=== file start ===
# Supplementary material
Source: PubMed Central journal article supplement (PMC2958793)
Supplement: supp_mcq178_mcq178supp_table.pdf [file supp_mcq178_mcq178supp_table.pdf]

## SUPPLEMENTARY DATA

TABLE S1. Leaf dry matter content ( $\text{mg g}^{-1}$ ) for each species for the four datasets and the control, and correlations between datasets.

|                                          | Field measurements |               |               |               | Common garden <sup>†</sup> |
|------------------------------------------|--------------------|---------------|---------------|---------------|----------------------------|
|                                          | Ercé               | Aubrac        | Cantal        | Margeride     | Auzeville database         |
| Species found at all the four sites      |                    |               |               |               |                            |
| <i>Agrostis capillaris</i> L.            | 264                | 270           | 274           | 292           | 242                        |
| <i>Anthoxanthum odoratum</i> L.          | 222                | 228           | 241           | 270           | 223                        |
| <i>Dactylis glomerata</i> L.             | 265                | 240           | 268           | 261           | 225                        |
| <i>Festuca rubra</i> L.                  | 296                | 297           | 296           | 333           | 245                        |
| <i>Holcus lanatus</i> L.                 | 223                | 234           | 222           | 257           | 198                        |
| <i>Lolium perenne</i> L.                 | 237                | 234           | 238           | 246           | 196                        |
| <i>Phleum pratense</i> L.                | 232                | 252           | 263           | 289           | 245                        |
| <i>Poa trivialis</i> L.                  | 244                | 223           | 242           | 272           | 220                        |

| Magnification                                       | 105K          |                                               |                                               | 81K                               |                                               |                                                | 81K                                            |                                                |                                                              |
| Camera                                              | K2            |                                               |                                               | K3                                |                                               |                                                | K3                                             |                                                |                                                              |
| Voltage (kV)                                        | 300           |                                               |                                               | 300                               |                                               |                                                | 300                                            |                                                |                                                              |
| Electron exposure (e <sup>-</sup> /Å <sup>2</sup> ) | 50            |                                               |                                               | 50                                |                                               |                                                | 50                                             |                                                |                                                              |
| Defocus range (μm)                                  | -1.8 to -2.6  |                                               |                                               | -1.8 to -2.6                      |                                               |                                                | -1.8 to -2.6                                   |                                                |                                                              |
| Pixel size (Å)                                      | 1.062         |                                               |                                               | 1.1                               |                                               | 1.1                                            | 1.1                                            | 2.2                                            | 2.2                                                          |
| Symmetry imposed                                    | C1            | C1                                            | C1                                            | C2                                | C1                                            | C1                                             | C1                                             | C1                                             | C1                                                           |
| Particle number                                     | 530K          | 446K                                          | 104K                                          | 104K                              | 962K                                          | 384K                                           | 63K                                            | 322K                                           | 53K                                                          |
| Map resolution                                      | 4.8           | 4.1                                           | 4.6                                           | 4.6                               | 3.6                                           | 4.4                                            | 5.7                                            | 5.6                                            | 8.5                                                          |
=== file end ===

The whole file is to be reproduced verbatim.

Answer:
# Supplementary material
Source: PubMed Central journal article supplement (PMC2958793)
Supplement: supp_mcq178_mcq178supp_table.pdf [file supp_mcq178_mcq178supp_table.pdf]

## SUPPLEMENTARY DATA

TABLE S1. Leaf dry matter content ( $\text{mg g}^{-1}$ ) for each species for the four datasets and the control, and correlations between datasets.

|                                          | Field measurements |               |               |               | Common garden <sup>†</sup> |
|------------------------------------------|--------------------|---------------|---------------|---------------|----------------------------|
|                                          | Ercé               | Aubrac        | Cantal        | Margeride     | Auzeville database         |
| Species found at all the four sites      |                    |               |               |               |                            |
| <i>Agrostis capillaris</i> L.            | 264                | 270           | 274           | 292           | 242                        |
| <i>Anthoxanthum odoratum</i> L.          | 222                | 228           | 241           | 270           | 223                        |
| <i>Dactylis glomerata</i> L.             | 265                | 240           | 268           | 261           | 225                        |
| <i>Festuca rubra</i> L.                  | 296                | 297           | 296           | 333           | 245                        |
| <i>Holcus lanatus</i> L.                 | 223                | 234           | 222           | 257           | 198                        |
| <i>Lolium perenne</i> L.                 | 237                | 234           | 238           | 246           | 196                        |
| <i>Phleum pratense</i> L.                | 232                | 252           | 263           | 289           | 245                        |
| <i>Poa trivialis</i> L.                  | 244                | 223           | 242           | 272           | 220                        |

| Magnification                                       | 105K          |                                               |                                               | 81K                               |                                               |                                                | 81K                                            |                                                |                                                              |
| Camera                                              | K2            |                                               |                                               | K3                                |                                               |                                                | K3                                             |                                                |                                                              |
| Voltage (kV)                                        | 300           |                                               |                                               | 300                               |                                               |                                                | 300                                            |                                                |                                                              |
| Electron exposure (e <sup>-</sup> /Å <sup>2</sup> ) | 50            |                                               |                                               | 50                                |                                               |                                                | 50                                             |                                                |                                                              |
| Defocus range (μm)                                  | -1.8 to -2.6  |                                               |                                               | -1.8 to -2.6                      |                                               |                                                | -1.8 to -2.6                                   |                                                |                                                              |
| Pixel size (Å)                                      | 1.062         |                                               |                                               | 1.1                               |                                               | 1.1                                            | 1.1                                            | 2.2                                            | 2.2                                                          |
| Symmetry imposed                                    | C1            | C1                                            | C1                                            | C2                                | C1                                            | C1                                             | C1                                             | C1                                             | C1                                                           |
| Particle number                                     | 530K          | 446K                                          | 104K                                          | 104K                              | 962K                                          | 384K                                           | 63K                                            | 322K                                           | 53K                                                          |
| Map resolution                                      | 4.8           | 4.1                                           | 4.6                                           | 4.6                               | 3.6                                           | 4.4                                            | 5.7                                            | 5.6                                            | 8.5                                                          |